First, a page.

2019 has begun with questions about food. How will we eat in the future? What is the healthiest diet for people and planet? And who do we trust to decide this for us?
These questions took centre stage over the last week as a new report, Food in the Anthropocene, was published.
The report, compiled over 3 years by the EAT-Lancet Commission and involving an international panel of scientists and academics, is mostly an analysis of existing studies and its broad brush conclusion is that we need to change the way we eat for a variety of reasons, including better human health and addressing agriculture’s contribution to climate change.
From this data the authors have put together a ‘reference diet’, which attempts to show how we can all can get the nutrients we need from a mostly vegetarian, or preferably vegan, diet. The report also suggests we tackle food waste and water waste and preserve planetary biodiversity.
In short, it covers all the kumbaya concepts and as such it’s not really much to shout about – and yet from the moment the report was released the shouting began.
In truth there are multiple troubling aspects to the report (too many to cover here) which deserve further inspection.
In common with many similar reports, it paid only lip service to where food comes from and the need to localise diets according to geography and culture. Indeed many stats about livestock’s contribution to global warming come from American factory farms and don’t necessarily apply to countries where grazing is more common.
To ensure enough plant foods to feed a global population it recommends using nitrogen-based fertilisers. Nitrogen-based fertilisers are an environmental disaster and indeed the higher inputs needed to sustain a nearly all plant diet is an inconvenient issue which many reports of this ilk fail to address.
So, too, are the high amount of pesticides used in producing crops. A recent Europe-wide survey of soil, for instance, found pesticide residues in 83% agricultural soil samples, in 166 different pesticide combinations. This cocktail of pesticides is what we are currently growing our food in – and, the report notes, is likely an underestimation of the problem.
The EAT reference diet also contains more calories each day from unsustainable palm oil than from eggs or fish and excludes animal fats, unless there happen to be any in the 7g of beef or pork you are allowed daily. The report does not address fully the problem of processed foods, preservatives or added salt either.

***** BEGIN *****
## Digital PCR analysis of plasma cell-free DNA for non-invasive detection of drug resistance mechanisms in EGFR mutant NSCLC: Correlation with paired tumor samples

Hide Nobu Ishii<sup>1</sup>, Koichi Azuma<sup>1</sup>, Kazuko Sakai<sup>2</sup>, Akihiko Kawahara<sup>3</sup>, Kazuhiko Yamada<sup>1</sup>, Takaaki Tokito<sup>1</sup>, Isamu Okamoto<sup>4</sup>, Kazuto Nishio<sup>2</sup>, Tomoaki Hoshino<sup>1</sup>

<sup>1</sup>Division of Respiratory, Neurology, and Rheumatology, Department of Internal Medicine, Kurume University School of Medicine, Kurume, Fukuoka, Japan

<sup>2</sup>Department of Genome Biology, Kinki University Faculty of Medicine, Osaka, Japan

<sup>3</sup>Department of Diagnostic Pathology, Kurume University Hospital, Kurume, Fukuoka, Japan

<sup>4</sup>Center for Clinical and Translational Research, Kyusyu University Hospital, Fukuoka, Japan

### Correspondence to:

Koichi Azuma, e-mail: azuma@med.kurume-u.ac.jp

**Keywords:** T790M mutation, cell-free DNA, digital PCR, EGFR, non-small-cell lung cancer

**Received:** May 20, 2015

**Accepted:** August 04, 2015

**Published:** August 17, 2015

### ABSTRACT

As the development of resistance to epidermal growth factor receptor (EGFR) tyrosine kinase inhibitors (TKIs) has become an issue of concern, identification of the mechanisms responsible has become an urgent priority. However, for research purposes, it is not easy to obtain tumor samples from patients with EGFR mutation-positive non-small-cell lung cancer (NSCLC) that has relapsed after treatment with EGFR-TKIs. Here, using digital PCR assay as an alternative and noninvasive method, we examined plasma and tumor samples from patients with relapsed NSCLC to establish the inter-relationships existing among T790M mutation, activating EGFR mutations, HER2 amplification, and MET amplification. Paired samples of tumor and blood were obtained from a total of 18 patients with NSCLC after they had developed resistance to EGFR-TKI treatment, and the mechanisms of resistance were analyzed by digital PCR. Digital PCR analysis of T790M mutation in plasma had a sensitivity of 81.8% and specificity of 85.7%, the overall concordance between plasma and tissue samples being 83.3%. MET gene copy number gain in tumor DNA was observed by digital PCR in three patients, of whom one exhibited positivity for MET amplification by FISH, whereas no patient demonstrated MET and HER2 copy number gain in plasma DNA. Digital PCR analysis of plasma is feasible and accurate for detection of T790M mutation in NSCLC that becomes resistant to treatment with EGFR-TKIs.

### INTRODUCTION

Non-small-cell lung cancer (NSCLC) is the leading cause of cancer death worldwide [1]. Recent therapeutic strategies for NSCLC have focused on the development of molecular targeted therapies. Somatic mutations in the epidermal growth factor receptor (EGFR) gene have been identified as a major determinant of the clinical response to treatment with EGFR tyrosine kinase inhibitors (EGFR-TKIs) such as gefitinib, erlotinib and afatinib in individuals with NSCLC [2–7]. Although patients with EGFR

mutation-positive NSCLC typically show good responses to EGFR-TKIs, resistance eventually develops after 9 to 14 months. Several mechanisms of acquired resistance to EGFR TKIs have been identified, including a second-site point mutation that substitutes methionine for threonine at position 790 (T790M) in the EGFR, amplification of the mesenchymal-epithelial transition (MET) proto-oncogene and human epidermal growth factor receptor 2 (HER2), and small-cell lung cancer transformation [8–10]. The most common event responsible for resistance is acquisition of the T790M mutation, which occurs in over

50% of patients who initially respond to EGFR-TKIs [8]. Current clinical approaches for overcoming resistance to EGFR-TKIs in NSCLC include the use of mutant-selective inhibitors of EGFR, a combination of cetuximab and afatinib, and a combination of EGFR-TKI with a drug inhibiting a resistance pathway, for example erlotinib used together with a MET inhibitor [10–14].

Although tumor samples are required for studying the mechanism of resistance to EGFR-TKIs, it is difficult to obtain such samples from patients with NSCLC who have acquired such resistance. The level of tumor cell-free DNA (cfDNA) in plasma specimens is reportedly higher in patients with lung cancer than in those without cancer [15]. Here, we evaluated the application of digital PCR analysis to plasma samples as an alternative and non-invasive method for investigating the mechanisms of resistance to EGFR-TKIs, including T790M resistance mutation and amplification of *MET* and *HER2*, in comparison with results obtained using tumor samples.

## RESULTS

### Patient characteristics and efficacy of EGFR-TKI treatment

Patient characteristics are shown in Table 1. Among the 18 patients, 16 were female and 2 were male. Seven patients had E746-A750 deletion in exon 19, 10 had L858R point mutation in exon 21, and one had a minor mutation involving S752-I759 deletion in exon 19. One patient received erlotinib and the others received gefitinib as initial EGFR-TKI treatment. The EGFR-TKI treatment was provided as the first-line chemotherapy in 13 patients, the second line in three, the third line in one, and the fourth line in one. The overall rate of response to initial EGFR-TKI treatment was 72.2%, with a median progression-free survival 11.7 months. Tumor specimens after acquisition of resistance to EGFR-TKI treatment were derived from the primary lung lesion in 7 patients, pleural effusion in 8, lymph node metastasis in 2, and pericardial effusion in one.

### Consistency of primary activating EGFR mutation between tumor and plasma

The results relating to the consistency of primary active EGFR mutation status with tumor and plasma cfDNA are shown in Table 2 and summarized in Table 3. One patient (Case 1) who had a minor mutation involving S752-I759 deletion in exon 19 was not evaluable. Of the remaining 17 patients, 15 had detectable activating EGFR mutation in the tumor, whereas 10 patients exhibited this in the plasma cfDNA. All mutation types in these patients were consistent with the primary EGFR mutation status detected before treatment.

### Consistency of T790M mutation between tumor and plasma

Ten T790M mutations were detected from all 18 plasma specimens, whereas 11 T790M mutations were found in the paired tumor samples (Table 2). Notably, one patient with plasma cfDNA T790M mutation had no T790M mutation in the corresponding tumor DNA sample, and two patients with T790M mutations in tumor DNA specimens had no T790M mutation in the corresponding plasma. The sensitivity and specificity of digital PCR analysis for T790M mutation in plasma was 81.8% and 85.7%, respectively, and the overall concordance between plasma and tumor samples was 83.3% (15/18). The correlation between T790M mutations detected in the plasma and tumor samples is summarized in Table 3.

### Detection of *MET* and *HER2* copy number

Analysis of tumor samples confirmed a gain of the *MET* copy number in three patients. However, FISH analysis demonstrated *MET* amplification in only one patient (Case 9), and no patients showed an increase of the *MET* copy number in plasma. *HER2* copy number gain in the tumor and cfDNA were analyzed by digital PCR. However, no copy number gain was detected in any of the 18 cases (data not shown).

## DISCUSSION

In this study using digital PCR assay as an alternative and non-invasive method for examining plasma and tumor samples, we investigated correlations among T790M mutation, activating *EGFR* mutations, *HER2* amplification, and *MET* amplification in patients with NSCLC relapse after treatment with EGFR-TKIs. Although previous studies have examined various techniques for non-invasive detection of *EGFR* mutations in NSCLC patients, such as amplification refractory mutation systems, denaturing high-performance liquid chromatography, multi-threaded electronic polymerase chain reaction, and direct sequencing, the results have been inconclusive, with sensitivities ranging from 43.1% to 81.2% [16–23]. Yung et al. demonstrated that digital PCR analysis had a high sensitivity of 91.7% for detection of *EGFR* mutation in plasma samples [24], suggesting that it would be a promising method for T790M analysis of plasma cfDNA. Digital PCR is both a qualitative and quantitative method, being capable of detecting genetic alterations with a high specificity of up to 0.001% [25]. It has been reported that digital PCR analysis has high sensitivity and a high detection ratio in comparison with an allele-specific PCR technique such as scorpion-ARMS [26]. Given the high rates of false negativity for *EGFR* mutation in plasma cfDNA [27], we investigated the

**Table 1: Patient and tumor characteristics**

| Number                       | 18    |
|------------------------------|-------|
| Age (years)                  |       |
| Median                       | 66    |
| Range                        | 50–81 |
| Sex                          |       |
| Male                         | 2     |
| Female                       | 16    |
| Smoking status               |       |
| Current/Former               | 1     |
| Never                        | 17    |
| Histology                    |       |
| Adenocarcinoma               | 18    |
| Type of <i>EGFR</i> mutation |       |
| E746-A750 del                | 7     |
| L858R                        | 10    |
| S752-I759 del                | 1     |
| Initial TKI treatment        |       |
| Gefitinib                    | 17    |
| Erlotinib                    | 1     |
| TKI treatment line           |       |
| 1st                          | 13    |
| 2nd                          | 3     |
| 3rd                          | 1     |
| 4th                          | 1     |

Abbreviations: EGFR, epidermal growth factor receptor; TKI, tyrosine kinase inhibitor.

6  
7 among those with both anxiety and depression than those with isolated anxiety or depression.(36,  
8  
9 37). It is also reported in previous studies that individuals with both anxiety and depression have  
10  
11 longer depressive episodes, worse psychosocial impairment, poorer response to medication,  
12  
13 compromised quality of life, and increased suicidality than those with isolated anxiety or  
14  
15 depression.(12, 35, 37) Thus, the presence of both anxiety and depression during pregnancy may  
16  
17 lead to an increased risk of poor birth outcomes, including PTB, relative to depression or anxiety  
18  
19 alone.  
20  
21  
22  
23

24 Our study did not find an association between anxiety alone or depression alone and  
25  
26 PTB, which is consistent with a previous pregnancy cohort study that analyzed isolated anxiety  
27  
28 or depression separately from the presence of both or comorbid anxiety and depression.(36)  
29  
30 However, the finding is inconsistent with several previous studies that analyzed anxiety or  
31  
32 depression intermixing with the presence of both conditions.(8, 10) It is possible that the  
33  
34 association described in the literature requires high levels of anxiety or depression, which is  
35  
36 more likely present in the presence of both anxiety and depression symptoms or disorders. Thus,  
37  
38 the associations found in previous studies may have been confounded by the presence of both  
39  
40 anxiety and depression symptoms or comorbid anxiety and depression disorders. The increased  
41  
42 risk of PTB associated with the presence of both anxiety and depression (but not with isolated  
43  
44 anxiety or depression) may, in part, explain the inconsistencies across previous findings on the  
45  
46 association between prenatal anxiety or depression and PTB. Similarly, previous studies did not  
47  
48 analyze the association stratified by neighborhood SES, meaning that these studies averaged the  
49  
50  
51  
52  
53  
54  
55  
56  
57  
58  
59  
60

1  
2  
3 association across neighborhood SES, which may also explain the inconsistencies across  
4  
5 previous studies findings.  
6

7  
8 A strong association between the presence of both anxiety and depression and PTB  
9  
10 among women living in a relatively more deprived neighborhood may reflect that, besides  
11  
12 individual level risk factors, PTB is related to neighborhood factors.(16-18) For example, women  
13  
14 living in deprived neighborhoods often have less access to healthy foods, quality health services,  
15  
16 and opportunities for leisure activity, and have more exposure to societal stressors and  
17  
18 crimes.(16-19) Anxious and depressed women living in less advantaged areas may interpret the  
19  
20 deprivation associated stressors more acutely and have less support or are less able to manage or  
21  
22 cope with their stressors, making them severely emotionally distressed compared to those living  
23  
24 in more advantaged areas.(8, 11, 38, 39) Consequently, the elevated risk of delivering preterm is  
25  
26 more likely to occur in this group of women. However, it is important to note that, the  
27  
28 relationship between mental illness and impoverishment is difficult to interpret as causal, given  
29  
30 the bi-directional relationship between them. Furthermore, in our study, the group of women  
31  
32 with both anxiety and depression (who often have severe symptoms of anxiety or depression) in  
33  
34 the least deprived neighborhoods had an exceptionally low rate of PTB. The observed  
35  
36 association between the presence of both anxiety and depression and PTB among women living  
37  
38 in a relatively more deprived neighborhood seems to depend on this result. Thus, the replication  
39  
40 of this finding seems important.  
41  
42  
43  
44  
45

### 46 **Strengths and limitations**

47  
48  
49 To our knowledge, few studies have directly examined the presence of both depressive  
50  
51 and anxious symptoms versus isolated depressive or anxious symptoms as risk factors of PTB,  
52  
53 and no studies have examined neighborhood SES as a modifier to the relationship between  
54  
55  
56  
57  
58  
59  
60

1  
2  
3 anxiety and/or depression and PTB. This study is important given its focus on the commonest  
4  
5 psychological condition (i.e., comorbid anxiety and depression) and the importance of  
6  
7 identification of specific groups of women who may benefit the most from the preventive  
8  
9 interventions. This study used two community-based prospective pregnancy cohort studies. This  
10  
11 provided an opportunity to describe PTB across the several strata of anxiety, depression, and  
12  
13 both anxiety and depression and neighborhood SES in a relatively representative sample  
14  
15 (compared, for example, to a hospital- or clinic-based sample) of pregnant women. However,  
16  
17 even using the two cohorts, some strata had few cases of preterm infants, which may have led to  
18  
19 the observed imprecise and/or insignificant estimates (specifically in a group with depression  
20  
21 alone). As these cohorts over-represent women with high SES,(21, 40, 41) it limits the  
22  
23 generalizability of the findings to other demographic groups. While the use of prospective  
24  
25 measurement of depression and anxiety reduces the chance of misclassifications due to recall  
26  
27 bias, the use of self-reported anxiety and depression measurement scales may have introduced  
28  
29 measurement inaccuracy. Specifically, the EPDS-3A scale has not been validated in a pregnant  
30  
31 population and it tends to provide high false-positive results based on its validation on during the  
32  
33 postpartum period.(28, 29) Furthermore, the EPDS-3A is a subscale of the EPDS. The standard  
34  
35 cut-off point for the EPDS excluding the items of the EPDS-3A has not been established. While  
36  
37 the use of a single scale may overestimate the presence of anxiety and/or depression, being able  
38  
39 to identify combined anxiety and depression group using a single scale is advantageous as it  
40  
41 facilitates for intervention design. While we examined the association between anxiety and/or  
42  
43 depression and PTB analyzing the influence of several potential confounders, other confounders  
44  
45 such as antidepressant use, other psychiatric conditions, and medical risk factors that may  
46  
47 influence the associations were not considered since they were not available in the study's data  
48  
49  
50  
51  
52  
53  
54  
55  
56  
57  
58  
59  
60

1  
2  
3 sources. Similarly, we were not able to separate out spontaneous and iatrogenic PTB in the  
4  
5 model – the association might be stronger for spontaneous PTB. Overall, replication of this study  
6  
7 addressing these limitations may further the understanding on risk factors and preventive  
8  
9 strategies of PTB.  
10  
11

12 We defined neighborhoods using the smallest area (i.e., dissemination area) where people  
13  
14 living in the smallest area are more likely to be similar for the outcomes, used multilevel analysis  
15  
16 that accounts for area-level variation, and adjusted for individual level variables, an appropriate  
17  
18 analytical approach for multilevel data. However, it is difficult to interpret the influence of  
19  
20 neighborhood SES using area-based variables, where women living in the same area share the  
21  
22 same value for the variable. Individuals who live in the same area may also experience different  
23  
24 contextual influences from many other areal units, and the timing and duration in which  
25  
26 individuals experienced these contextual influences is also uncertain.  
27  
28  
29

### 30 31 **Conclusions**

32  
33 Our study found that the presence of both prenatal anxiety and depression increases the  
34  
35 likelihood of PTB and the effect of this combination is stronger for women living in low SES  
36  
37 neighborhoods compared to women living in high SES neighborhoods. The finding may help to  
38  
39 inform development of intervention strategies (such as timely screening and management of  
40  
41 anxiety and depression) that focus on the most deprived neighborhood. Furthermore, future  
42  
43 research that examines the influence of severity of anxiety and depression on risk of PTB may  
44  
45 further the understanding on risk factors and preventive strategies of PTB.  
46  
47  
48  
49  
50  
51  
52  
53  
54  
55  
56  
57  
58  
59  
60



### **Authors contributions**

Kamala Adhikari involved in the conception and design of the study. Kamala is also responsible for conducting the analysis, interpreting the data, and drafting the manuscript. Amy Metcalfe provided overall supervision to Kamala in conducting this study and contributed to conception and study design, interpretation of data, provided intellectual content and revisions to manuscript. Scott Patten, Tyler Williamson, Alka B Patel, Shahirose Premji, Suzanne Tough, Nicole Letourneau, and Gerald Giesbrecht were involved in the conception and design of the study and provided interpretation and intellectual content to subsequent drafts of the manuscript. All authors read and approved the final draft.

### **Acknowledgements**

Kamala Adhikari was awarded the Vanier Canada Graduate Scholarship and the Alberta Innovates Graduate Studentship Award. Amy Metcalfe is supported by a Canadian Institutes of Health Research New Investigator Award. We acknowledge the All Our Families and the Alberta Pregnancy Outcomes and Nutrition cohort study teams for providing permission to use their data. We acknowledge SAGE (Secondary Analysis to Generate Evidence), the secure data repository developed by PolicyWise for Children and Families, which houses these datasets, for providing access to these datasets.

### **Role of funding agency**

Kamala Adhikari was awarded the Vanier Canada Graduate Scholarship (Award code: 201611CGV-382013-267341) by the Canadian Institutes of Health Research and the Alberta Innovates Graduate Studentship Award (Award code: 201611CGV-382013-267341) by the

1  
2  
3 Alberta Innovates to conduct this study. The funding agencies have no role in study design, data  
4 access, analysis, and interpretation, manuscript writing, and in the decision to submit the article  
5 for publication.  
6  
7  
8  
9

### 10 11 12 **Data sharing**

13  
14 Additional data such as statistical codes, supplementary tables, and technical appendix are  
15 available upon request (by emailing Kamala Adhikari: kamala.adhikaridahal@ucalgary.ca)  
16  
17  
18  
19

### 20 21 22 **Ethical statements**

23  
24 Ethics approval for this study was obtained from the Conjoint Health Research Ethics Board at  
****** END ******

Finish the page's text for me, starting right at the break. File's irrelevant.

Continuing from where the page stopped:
It recommends that food be produced by a variety of methods “such as conservation agriculture, sustainable and ecological intensification, agroecological and diversified farming systems, precision agriculture, and organic farming”. Sounds good, but “sustainable intensification” and “precision farming” are the new shorthand for genetic engineering technology.
It also advises that vegans may require supplements, raising legitimate questions about whether this is really a complete, healthy diet.
A bigger agenda
The report was funded primarily by the UK’s Wellcome Trust. Wellcome partnered with Norwegian thinktank EAT, the Stockholm Resilience Centre and Norway’s Stordalen Foundation (run by multibillionaire and radical vegan, Grunhild Stordalen) to produce the document. EAT, which led the group, has some very deep and worrying ties with conventional food companies looking to capitalise on the confusion over what we should all eat. It also has a strong vegan/vegetarian agenda.
Food in the Anthropocene is just a small refrain in the longer song of EAT’s activities.
One initiative, FReSH, works with companies like Bayer, Cargill, Syngenta, Unilever, DuPont, Nestle and PepsiCo, among, others to transform how we eat and ‘create’ better food. Another, FOLU (note the love of vague acronyms) aims to “go deep into the policy, regulatory environment, and businesses of individual countries” (starting with unstable countries – and therefore soft targets – like Colombia, Indonesia and Ethiopia).
Desire + fear = marketing opportunities
We all want a sustainable world, and we all fear that we won’t get one. Where there is desire and fear there is always somebody willing to capitalise on it for profit. In a global economy too often that means trying to force global solutions and magic bullets – and singing the same old songs about how there are no limits to what we can do.
That is 100% sustaina-BULL. True sustainability is all about limits. It’s also about boundaries that can’t be crossed; it’s as much about what we can’t have as it is about what we can. It’s about working with local needs, culture and geography to find local sustainable solutions.
There are also uncomfortable parallels between the eat-to-save-the-world and shop-to-save-the-world mantras. While the food system contributes to several global problems, there is a limit to what it can do to ‘fix’ these problems and a limit, also, to how often we can keep putting the responsibility back on to consumers. The over-focus on food, for instance, lets the worst offender, the fossil fuel industry, completely off the hook.
If we allow the sustainability agenda to continue to be hijacked by vested interests, special interest groups, billionaire thinktanks and large corporations, true sustainability will never be within our grasp – and the consequences for us all will be devastating.
Pat Thomas, Editor
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